In previous posts I've discussed the history of USDA spending and the dramatic rise in regulatory restrictions imposed on agriculture by the EPA and USDA. In this post I'll focus on regulatory spending by the USDA since 1960. While I'm not qualified to give an in-depth history of USDA regulations, I'll explain some of the big swings in USDA regulatory spending. To do so, I'll use regulatory spending data from the Weidenbaum Center on the Economy, Government, and Public Policy at Washington University in St. Louis. The center is named for the late Murray Weidenbaum, a professional economist who spent much of his career studying regulation and its effects on the economy.
The graph below shows total USDA regulatory spending from 1960 to 2013 in billions of constant 2009 dollars. According to the data, seven sub-agencies of the USDA currently spend some portion of their budgets on regulatory activities. In 1960, only 3 of these sub-agencies existed. The Animal and Plant Health Inspection Service (APHIS) and the Agricultural Marketing Service (AMS) made up the bulk of regulatory spending with the Farm Credit Administration (FCA) making up just a small part. The Grain Inspection, Packers, and Stockyards Administration (GIPSA) came along in 1966 but has never made up a significant portion of USDA regulatory spending.
In 1977, the Food Safety Inspection Service was established (green line). One might expect that regulatory spending would accelerate with the establishment of a new regulatory agency. However, new spending by the FSIS was partially offset by a dramatic decline in APHIS spending. Total spending growth started to slow to the extent that spending dropped below trend in 1982 and remained below trend until 2000.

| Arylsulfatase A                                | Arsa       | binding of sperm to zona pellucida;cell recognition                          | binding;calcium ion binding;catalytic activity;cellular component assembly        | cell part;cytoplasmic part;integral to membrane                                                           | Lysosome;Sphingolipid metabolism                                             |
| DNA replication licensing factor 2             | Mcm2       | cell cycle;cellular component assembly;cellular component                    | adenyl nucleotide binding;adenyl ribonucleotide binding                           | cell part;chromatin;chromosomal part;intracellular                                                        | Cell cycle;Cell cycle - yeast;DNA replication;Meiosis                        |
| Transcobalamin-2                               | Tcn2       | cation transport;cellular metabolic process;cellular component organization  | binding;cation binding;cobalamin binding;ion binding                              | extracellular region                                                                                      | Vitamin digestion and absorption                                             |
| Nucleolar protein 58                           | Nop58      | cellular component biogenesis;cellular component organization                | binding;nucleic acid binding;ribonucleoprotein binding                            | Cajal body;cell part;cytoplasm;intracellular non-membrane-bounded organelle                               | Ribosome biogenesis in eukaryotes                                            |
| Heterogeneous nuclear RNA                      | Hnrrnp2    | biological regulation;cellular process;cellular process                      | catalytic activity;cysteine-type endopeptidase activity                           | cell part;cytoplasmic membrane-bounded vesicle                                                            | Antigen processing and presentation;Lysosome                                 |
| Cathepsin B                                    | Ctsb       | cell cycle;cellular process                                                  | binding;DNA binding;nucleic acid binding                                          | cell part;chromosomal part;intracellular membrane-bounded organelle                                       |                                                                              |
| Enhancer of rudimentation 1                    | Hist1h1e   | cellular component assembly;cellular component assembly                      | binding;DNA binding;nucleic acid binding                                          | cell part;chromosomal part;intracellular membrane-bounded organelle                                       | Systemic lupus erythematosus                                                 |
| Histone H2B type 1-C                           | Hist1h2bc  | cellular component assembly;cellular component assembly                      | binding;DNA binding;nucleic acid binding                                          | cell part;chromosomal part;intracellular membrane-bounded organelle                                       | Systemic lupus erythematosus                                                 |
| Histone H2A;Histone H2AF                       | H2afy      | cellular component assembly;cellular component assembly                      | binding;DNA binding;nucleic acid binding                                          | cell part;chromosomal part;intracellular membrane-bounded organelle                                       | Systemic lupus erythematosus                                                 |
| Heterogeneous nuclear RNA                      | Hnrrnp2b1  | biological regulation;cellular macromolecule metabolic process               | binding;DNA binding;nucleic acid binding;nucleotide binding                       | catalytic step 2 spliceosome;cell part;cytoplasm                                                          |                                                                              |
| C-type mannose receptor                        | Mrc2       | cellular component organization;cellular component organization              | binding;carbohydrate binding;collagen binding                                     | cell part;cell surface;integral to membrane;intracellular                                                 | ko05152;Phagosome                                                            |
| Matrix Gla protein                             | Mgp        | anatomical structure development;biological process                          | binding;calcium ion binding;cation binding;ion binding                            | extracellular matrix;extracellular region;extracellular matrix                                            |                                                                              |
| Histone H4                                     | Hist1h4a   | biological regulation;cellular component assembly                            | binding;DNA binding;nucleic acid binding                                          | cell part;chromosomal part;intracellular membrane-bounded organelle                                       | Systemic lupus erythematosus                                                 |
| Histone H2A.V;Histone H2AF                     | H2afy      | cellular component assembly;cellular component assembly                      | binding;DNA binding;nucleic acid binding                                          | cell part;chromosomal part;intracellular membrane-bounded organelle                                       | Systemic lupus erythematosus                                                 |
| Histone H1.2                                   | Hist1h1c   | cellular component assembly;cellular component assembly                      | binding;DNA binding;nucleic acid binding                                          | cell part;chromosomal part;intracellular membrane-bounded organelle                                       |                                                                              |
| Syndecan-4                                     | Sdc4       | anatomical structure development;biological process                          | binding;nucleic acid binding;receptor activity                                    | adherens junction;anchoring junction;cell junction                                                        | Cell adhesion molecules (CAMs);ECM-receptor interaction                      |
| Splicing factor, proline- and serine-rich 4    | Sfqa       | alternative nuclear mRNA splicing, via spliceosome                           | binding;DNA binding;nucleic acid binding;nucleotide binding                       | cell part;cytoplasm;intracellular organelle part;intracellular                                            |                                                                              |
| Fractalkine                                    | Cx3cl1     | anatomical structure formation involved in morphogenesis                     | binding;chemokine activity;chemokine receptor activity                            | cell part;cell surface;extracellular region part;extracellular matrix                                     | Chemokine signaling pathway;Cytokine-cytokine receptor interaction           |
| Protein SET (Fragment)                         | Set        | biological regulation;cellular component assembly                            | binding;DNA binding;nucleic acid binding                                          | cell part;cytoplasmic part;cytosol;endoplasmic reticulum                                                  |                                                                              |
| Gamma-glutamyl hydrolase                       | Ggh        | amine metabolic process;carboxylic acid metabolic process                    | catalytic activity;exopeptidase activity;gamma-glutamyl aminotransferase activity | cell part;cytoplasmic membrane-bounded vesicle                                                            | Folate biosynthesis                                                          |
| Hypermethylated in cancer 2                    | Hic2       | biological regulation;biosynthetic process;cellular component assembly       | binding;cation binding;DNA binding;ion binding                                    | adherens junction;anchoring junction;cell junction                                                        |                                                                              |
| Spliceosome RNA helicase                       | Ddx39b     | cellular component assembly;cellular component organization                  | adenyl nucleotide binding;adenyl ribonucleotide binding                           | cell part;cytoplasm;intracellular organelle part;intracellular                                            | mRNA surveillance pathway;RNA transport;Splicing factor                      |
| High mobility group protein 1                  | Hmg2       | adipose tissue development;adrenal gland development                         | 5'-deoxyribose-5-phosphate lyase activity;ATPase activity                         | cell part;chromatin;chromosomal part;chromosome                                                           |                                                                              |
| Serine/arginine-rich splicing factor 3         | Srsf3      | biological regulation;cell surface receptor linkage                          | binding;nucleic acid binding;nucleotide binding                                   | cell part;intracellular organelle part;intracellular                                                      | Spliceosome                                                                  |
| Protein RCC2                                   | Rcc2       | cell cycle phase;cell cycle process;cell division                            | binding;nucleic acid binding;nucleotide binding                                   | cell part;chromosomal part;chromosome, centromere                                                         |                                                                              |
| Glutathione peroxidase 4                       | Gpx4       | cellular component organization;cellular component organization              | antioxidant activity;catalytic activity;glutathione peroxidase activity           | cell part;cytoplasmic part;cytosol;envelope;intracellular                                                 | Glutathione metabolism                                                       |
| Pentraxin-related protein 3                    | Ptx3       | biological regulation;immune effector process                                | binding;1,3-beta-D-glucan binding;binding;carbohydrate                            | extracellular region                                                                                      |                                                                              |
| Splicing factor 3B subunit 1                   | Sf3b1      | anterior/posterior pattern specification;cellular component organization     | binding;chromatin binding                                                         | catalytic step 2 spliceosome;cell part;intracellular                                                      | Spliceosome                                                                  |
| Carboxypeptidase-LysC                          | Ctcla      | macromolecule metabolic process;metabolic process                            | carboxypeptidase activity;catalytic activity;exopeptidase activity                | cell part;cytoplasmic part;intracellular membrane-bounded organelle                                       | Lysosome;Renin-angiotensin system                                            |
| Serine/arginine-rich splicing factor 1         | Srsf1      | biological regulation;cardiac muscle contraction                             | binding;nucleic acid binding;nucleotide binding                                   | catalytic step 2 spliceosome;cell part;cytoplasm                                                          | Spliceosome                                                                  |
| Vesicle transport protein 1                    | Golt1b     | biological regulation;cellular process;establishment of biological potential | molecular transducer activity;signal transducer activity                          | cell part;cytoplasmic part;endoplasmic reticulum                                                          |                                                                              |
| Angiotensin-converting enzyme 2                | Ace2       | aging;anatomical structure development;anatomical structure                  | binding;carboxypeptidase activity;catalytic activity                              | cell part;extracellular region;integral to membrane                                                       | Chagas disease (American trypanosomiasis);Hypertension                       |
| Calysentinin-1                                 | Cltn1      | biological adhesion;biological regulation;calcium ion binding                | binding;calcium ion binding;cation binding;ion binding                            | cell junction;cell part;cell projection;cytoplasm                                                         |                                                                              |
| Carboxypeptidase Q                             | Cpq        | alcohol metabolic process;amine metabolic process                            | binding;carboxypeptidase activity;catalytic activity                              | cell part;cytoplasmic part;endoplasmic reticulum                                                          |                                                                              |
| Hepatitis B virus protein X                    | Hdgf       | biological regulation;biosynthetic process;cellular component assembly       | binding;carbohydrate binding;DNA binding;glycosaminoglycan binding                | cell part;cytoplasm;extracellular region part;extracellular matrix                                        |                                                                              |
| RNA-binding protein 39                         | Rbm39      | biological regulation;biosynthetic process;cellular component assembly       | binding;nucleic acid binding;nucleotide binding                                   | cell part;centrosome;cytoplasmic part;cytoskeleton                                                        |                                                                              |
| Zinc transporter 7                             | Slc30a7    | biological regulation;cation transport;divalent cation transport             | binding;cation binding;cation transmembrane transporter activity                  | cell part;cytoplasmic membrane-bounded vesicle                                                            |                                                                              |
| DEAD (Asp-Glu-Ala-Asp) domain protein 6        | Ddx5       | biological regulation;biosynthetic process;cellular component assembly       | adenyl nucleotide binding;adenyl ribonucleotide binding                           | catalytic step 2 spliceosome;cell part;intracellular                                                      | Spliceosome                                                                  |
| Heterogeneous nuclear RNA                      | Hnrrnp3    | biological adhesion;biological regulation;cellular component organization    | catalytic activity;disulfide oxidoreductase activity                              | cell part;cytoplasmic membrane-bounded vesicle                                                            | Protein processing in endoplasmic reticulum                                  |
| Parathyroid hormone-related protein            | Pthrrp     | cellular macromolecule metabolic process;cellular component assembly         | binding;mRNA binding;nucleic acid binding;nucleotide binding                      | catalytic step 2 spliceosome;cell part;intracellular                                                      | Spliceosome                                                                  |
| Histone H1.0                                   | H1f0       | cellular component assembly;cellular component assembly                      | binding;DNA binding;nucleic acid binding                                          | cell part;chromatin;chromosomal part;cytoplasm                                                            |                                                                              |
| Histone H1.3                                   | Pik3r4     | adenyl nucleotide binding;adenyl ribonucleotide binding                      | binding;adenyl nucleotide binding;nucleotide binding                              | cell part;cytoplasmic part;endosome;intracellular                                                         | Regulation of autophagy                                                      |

Spending was fairly constant from 1977 to 1996 when the Risk Management Agency (RMA) was established (red line). A combination of increasing spending by APHIS and FSIS and new spending by the Forest Service (1999) resulted in a dramatic rise in spending to its peak in 2006. Spending since 2006 has generally declined, with the exception of increases from 2007 to 2010, and fell below trend in 2013.
From 1960 to 2013, nominal USDA regulatory spending has increased about $48 million per year (a 433% overall increase). We can also compare regulatory spending to regulatory restrictions documented in a previous post, though the regulatory restriction data is more limited. Regulatory restrictions grew 26.7% from 1997 to 2012 while regulatory spending grew 59.5% over the same period. This illustrates the difference between these two measures. There's likely a story about bureaucratic inefficiency, featherbedding, or some other issue, but we can't evaluate causes with this data.
The Weidenbaum Center's documentation of regulatory spending is likely to be useful for agricultural economists in a number of ways. Evaluating the effectiveness of lobbying, determining the long-term impacts of regulation on farms and agribusinesses, and examining the effects of food and agribusiness regulation on food prices, are all possible using data like this.
Side note: For a little perspective, here's a graph of total USDA spending from 1962 to 2013. Regulation is a lot smaller share of total spending today than it used to be.